It looked like this:

Out Run (ZX Spectrum)
Out Run (ZX Spectrum, 1987)

Continue reading Bad Games I Played a Lot #2: Out Run (ZX Spectrum)

The Hobbit (ZX Spectrum, 1982), and how a kid became a geek

Note: this post is expanded from one in my old blog, The Games of My Life.

Back in time, to a 1982 game I played in 1983, on my first computer (well, technically my father’s), a 48K ZX Spectrum: Melbourne House’s The Hobbit.

The Hobbit -- starting location
The Hobbit -- starting location

This game… well, it has a story, and I’m not talking about the “Bilbo, Gandalf and a bunch of dwarves go on a quest to retrieve a dragon’s treasure” one. I mean a personal story. I guess I could say that this game changed my life — as much as anything can change one’s life, I guess.

So you’ll have to bear with me — or, of course, skip this post. Because this one is as much about “why I’m the way I am” as it is about the game — perhaps more. And it’s a long one. πŸ™‚ More after the break…

Continue reading The Hobbit (ZX Spectrum, 1982), and how a kid became a geek

Deathstalker II: Duel of the Titans

Deathstalker II: Duel of the TitansIn my teen ears (read “the Eighties”), I remember watching a movie, rented on a VHS tape (remember those?) from a video club (remember those?). What I remembered from it was that it was a fantasy movie, made with a low budget, with some female nudity, and which didn’t take itself too seriously. Its name was Deathstalker II: Duel of the Titans.

After more than 20 years, I found it again (not that I kept looking for it for all this time; I remember looking for it on DVD in some years ago, but I think at the time it wasn’t available, and that was it), re-watched it, and, yes, it’s better than I remembered. πŸ™‚ From what I learned by reading Wikipedia and TV Tropes, this is the only movie from this low-budget series (there are 4 in total) where they didn’t take it too seriously, but instead made fun of the fantasy / “Sandals & Sorcery / Conan-like” genre, and in general had a good time. And it shows — the actors are clearly having fun. πŸ™‚

It’s not a “deep” or brilliant movie, of course, but it’s funny, entertaining, and it’s a perfect “beer with friends” film, in my opinion. Try to find it; if you liked the description so far, you won’t regret it.

And it includes this scene, which makes me laugh every time I see it, and which, incidentally, is just my second upload to YouTube ever:


TGomL: Sid Meier’s Alpha Centauri (PC, 1999)

Note: this post is expanded from one in my old blog, The Games of My Life.

This game should have actually been named “Brian Reynolds’ Alpha Centauri”, but Sid Meier was (and is) the best known name, and it draws heavily on Meier’s original Civilization, so… Sid Meier’s Alpha Centauri it was (or “SMAC” to its friends). By Firaxis Games, distributed by Electronic Arts, shortly before the end of the last century.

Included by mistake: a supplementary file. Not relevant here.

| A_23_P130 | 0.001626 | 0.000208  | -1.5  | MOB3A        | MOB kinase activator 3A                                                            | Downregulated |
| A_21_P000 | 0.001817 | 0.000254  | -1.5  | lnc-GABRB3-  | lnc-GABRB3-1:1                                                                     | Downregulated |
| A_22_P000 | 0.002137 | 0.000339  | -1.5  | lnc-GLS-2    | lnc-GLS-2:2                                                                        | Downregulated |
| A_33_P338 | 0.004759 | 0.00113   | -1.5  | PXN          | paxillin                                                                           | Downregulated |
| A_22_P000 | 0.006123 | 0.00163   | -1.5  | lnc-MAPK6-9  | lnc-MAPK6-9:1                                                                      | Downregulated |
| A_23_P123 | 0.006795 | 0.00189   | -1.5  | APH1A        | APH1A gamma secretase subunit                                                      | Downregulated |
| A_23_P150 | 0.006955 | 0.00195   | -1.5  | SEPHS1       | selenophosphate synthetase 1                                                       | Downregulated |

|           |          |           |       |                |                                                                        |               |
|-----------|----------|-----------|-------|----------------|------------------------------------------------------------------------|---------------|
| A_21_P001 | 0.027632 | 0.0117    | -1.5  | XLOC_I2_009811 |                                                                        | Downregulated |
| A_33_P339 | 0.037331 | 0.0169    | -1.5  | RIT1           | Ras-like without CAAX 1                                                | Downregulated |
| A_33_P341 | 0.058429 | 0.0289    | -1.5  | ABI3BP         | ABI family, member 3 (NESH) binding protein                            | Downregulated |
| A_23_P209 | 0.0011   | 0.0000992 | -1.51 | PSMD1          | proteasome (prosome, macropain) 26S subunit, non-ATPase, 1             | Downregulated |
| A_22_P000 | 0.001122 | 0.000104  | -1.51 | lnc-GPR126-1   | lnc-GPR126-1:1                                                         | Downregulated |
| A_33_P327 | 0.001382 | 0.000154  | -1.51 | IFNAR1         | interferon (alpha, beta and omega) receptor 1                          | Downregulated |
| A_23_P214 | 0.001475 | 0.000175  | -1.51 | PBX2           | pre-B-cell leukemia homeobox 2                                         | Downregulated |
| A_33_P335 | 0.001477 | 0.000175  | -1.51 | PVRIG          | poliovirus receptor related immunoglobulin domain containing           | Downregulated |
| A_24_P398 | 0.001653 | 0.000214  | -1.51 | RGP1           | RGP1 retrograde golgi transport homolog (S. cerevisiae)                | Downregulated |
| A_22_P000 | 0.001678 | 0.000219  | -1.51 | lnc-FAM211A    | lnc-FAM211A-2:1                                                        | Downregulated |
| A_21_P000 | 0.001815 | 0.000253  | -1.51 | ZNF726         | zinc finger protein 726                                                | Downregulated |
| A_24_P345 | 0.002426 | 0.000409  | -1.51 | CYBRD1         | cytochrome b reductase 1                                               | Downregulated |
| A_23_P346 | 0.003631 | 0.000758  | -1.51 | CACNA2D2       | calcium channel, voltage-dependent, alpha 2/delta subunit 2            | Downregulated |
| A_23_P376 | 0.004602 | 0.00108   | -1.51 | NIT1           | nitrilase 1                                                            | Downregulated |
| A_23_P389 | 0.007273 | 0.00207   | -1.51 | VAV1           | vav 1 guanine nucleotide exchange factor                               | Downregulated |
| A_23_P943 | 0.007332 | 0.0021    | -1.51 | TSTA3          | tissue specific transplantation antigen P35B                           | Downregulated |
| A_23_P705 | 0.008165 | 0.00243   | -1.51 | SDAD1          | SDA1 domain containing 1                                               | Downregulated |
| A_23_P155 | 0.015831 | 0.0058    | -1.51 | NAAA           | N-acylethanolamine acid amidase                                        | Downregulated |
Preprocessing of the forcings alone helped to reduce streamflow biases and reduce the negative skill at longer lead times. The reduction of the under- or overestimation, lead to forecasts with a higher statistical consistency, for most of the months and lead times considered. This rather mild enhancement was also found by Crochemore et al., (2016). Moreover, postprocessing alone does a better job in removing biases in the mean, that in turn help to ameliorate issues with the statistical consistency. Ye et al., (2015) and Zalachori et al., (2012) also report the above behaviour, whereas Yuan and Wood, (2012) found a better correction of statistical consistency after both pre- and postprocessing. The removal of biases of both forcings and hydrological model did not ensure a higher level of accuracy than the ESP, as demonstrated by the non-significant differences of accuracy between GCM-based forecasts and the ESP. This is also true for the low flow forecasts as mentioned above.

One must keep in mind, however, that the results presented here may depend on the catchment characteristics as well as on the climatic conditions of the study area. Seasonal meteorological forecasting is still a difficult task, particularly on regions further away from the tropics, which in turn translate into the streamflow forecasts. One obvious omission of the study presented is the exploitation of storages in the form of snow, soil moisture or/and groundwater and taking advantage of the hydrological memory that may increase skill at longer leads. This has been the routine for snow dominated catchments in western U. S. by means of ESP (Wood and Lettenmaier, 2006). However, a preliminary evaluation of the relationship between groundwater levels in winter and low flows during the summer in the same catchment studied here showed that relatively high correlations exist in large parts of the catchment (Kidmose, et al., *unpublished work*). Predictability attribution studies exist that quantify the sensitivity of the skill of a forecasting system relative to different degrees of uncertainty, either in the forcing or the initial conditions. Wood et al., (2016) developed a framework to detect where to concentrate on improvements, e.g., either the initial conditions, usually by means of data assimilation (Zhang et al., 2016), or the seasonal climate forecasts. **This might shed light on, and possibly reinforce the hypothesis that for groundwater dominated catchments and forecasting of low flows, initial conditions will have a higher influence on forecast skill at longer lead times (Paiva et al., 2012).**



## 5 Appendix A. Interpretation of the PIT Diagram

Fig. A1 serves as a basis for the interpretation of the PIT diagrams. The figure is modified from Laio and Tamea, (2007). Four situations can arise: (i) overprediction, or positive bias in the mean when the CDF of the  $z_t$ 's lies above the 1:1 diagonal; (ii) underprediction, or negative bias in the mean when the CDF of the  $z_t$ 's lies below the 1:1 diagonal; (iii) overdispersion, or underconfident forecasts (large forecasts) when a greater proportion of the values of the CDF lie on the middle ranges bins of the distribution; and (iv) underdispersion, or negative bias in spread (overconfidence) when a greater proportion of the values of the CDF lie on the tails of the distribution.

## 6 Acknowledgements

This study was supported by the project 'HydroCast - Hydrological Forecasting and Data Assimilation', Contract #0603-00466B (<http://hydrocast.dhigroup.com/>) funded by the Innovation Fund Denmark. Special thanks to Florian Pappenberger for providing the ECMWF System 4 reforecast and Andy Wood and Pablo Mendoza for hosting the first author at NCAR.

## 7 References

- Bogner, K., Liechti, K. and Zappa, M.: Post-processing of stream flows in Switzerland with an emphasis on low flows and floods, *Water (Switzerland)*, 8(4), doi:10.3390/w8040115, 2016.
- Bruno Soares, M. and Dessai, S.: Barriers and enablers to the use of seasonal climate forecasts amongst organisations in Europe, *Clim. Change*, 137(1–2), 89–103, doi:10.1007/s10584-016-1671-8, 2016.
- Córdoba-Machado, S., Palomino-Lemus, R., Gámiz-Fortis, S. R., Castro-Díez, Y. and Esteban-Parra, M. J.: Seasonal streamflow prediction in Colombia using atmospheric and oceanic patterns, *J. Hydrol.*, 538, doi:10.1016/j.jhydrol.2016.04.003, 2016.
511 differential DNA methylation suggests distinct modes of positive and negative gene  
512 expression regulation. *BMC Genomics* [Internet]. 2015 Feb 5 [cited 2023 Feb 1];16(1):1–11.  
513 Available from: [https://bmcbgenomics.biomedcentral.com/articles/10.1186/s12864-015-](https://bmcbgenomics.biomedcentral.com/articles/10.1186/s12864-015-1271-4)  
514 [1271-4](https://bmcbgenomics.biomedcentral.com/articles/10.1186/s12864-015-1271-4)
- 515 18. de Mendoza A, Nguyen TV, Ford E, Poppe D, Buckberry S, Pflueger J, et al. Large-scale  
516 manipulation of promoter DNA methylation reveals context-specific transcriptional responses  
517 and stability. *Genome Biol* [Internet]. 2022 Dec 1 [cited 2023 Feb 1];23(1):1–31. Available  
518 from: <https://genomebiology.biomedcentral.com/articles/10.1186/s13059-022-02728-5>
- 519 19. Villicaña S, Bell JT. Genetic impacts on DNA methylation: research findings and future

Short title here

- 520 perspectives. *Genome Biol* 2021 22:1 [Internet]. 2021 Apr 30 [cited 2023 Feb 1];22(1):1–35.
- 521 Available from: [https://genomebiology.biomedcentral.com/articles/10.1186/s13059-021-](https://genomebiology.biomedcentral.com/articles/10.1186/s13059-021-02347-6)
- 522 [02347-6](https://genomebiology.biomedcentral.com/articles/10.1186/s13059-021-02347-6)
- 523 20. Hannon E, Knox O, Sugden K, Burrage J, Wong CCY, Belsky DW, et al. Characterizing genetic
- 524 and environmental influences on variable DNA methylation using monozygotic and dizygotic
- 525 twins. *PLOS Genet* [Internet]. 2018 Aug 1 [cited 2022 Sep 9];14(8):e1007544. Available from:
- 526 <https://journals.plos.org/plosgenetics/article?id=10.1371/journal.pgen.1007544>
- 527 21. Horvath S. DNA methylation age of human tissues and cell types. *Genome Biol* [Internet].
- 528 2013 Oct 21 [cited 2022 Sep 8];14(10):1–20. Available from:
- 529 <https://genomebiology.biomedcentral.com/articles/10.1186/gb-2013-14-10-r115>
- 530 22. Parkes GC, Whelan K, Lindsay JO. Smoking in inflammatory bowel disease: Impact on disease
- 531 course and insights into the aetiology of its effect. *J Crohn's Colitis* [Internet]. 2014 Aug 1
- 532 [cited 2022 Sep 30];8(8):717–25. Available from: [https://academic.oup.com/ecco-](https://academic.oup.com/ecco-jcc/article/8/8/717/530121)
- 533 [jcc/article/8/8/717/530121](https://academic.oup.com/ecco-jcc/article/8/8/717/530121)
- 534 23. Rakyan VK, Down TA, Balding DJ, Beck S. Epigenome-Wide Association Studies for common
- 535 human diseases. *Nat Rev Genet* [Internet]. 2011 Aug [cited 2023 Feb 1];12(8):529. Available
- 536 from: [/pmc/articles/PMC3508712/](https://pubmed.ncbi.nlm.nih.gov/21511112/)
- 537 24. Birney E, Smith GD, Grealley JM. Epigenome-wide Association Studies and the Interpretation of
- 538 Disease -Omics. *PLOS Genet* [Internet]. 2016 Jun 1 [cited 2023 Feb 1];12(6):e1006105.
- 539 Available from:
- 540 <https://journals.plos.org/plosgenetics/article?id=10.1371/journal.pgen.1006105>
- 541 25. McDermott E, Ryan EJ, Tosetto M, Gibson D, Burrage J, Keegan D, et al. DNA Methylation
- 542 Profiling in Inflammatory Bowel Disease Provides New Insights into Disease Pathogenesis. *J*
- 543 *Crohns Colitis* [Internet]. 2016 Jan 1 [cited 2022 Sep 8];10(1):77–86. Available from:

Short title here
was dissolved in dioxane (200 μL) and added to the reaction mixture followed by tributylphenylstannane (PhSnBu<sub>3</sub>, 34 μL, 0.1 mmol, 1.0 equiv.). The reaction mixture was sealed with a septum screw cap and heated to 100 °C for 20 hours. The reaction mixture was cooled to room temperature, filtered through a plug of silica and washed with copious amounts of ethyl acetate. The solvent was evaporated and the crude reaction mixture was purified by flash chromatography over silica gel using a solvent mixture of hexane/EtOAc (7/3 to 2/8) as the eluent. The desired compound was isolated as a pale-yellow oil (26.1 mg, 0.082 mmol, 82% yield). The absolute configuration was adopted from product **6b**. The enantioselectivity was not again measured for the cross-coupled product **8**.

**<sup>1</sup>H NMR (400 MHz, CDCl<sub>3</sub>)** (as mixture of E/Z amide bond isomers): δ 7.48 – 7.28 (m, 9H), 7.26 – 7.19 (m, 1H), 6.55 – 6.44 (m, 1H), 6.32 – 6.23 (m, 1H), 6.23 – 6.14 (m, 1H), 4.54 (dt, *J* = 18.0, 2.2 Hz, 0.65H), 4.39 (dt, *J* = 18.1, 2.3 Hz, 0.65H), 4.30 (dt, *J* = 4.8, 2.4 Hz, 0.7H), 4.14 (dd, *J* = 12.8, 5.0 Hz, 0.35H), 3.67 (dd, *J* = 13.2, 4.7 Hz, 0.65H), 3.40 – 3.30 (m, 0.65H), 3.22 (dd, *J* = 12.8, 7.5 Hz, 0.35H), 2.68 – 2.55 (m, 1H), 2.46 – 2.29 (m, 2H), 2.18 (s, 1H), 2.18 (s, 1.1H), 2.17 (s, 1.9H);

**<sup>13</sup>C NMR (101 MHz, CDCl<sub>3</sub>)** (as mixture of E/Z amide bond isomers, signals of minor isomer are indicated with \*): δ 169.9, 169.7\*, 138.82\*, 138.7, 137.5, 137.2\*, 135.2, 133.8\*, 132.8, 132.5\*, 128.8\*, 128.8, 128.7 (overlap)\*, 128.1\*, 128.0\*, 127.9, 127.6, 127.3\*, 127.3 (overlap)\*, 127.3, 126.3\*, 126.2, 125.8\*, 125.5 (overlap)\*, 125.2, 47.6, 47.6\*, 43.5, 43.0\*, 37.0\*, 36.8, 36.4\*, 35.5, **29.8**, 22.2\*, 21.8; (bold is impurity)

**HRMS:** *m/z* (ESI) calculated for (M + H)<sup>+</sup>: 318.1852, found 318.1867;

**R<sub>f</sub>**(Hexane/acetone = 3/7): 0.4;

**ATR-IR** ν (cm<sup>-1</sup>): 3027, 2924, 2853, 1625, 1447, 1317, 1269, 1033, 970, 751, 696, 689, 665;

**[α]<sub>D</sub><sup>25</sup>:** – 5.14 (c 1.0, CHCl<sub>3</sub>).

Sid Meier's Alpha Centauri - title

SMAC, believe it or not, is still a very popular game these days among strategy fans, and for good reason. In my opinion, it’s still the best Civ-style game, and has yet to be surpassed: Civ 4 was indeed a great game, and so is Civ 5 (though I can’t agree with a couple of design decisions), but, to me, SMAC remains the best Civ-style game. Unfortunately, it didn’t sell as well as it should have, possibly because most people — even most strategy buffs — aren’t science fiction fans, and it’s much easier to understand what you’ll get by inventing The Wheel” or “The Alphabet” than what “Bioadaptive Resonance” or “Controlled Singularity” even are. In short, it scared away many Civ fans, which was a shame.

Sid Meier's Alpha Centauri - gameplay

But it has some things no other game of its kind has:

  • style – the spartan ((no, I’m not referring here to the Spartans, a survivalist faction in the game :))) interface, the voices, the graphics, the sounds, the descriptions, the movies. It really made you feel like you were in a different, but viable world.
  • personality – the Civ games’ leaders, even though they’re supposed to be real life ones, have little or no personality. SMAC’s had. A lot. Who can forget Chairman Yang, Lady Deirdre, Sister Miriam, or CEO Morgan? They actually have different goals in mind, and act towards them. They all speak in their own way. And they all have great quotes — all of them spoken in the game by the characters.
  • a story – yes, a strategy game with one. Really. And it doesn’t always end the same way (and I don’t mean just because you lose the game in the middle).

As I said, it’s still my favorite game of its kind, after 12 years. You can probably find the Planetary Pack (the game plus the expansion pack on a single CD) for sale somewhere, though it’s harder than it used to be. And you really should, if you’ve ever been interested in the Civilization series, or strategy games in general. Note, however, that getting it to run perfectly on modern Windows operating systems may constitute a challenge.

Links: Wikipedia entry, Official site.

P.S. – did you know that this game has inspired 3 novels (which I have), a comic book (which I also have) and a GURPS book (dammit…)? Not bad for a turn-based strategy game… πŸ™‚

A new Lords of Midnight for iOS (and others)?

Good thing I’m not superstitious, or I would find this kind of coincidence very weird. After “resurrecting” a 2005 post of mine (more than 50% of it is new, though) about Lords of Midnight, I follow the link that was already in the 2005 version of the post (which I had initially merely checked to see if it was still live, when posting), look around a bit more, find out that Chris Wild (the site’s owner, and author of the Lords of Midnight and Doomdark’s Revenge DOS ports) has a blog, and then I see these three posts